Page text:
November 25, 2012 in Features

Do It Yourself: Make stairway less perilous by installing railing

Gene Austin McClatchy-Tribune
Quick tip

 Sticking locks on entrance doors are fairly common in cold, damp weather, and a little lubricant will usually get them working smoothly again.

 The lubricant usually recommended for locks is powdered graphite, which is sold in small squeeze bottles at most home centers and hardware stores.

 Graphite can be messy to use and difficult to remove if it gets on carpets or floors, so protect these surfaces when using it.

 I’ve also had good results with a Teflon or silicone spray lubricant, which usually is sold with a fine, soda-straw applicator that makes it easier to use on small keyholes.

 When lubricating a lock, also put a little lubricant on the key, insert it and open and close the lock several times to distribute the lubricant.

 For keyless vehicle locks, consult the owner’s manual or a dealer for information; when these locks fail to operate, it is often due to a low battery in the keypad.

Q. Our two-level house has 12 steps to the second floor, running along a wall. There is no railing on the stairs. I think this is dangerous and I’d like to install a railing. Can I do it myself?

A. Any steps without a railing are dangerous, in my opinion, and most building codes require them. The simplest way to install a railing along these steps is to attach it to the wall. You can buy metal stair-rail brackets at most home centers. The brackets should be screwed directly to wall studs for a strong installation. If the wall is masonry, drill pilot holes with a masonry bit and use special masonry screws to attach the brackets. A length of sturdy wood stair-rail molding is attached to the top of the brackets with more screws.

One problem you might have is finding a rail of adequate length; the molding is often sold in 8-foot sections, which won’t be long enough for your steps. Check lumber yards and other possible sources in your area for longer rail, but if you can’t find it use two pieces of rail and make a butt joint over one of the brackets. A half-inch dowel and glue at the joint, plus screws in the bracket, will make a strong rail.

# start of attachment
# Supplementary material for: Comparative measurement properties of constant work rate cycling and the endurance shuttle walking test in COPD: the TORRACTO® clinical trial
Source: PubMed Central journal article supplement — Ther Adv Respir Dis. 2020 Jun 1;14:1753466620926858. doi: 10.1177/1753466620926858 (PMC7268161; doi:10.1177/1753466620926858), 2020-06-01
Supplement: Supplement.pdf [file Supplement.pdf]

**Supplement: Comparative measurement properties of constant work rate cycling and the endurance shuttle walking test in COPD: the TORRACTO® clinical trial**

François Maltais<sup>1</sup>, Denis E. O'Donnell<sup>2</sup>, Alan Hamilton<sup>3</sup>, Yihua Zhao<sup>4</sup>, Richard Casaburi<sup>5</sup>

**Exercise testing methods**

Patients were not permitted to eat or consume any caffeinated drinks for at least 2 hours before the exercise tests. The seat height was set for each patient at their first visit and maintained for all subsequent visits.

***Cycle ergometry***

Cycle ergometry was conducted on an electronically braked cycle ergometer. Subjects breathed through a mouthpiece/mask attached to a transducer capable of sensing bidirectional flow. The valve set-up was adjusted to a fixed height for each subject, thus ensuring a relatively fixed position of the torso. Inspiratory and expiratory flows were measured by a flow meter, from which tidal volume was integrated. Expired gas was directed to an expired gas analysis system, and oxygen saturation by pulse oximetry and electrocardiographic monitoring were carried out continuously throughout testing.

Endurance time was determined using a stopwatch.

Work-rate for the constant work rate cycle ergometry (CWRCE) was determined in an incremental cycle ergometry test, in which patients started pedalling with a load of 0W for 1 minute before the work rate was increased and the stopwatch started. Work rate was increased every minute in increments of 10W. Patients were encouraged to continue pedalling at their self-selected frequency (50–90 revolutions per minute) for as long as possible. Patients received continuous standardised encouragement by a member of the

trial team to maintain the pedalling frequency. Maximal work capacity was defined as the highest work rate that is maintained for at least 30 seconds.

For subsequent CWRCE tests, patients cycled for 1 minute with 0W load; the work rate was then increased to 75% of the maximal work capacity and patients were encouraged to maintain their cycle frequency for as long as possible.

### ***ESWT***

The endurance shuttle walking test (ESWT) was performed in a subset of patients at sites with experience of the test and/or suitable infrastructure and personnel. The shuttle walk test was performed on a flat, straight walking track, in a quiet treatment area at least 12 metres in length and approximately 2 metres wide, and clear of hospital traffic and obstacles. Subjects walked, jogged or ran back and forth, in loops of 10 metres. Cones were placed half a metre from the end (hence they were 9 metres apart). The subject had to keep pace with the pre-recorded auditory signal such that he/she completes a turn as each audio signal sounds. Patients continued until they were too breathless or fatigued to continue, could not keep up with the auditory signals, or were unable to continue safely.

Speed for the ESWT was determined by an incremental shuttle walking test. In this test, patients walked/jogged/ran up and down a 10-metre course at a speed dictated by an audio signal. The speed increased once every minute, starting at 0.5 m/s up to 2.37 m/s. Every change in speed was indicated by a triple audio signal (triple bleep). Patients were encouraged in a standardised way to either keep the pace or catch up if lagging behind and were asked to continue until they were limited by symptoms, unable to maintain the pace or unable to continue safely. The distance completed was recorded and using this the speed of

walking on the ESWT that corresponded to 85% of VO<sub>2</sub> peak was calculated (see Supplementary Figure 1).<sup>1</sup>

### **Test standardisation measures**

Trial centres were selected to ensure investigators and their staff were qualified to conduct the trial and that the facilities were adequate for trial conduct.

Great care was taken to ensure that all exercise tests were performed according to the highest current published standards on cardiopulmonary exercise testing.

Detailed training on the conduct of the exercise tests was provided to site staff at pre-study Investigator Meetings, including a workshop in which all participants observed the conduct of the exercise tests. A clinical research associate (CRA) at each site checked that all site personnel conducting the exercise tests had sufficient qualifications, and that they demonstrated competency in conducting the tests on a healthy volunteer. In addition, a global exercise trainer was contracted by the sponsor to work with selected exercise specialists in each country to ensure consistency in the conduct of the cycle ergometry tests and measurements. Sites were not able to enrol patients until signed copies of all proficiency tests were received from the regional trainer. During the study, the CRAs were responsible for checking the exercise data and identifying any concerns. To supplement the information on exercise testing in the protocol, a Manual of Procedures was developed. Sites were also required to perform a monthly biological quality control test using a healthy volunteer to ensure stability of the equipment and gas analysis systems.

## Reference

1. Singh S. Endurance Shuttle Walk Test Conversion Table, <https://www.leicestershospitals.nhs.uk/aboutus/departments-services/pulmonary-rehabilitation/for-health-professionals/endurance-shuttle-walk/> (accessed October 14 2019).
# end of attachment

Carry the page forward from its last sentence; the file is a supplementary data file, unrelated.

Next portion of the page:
If the wall has wood framing, the first task is to locate the studs. Do not attempt to attach brackets directly to drywall, which won’t supply the needed strength. Studs are normally spaced on 16-inch centers, and you can often find them by thumping on the wall with your knuckles until you hear a solid sound; once you have found one, you can use a rule to locate others. Drill a tiny hole near the baseboard to verify that you’ve found a stud.

If you have a plaster wall or can’t find studs by thumping, you can buy an inexpensive stud finder at home centers and hardware stores; it works by detecting concealed nails. Do not space brackets more than 32 inches (two stud spaces) apart. If you find your studs are on 24-inch centers, which is rare, put a bracket on each stud.

Most building codes require that hand rails be positioned 34 to 36 inches above the front edge of stair treads. Measure carefully and lay out the positions of your brackets, making sure they form a straight line up the stairs. Use screws at least 2 inches long to attach brackets; the screws furnished with brackets are sometimes too short for a strong rail. Finally, finish the rail to suit your decor (some rails are prefinished) and screw it to the brackets. If you have other steps in or outside your house that lack railings, such as basement, porch or deck steps, you should install railings at these steps also.

Q. I take a medication that contains sulfur and over the last year a yellow stain has developed where I touch my wood cabinet door. The door has a pickled pink finish. I think the stain has penetrated into the wood. How can I remove it?

A. I think the best bet is to refinish the cabinet with a glossy, washable enamel that you can clean regularly to keep new stains from forming. If the old stain is in the wood, I don’t know any way to remove it without ruining the existing finish.

A pickled finish (colored stain in the pores of wood, topped by a clear coat) can’t be duplicated except by removing the existing finish completely.

To refinish with enamel, sand the surface and apply a coat of stain-killer primer such as Bulls Eye 1-2-3 or Kilz. Let this dry, then brush on two coats of top-quality acrylic enamel in a color you like.

Clean the surface regularly, especially in the formerly stained area, with a soft cloth moistened with water containing a little dishwashing detergent.

Questions and comments should be emailed to Gene Austin at Send regular mail for Gene Austin to 1730 Blue Bell Pike, Blue Bell, PA 19422.

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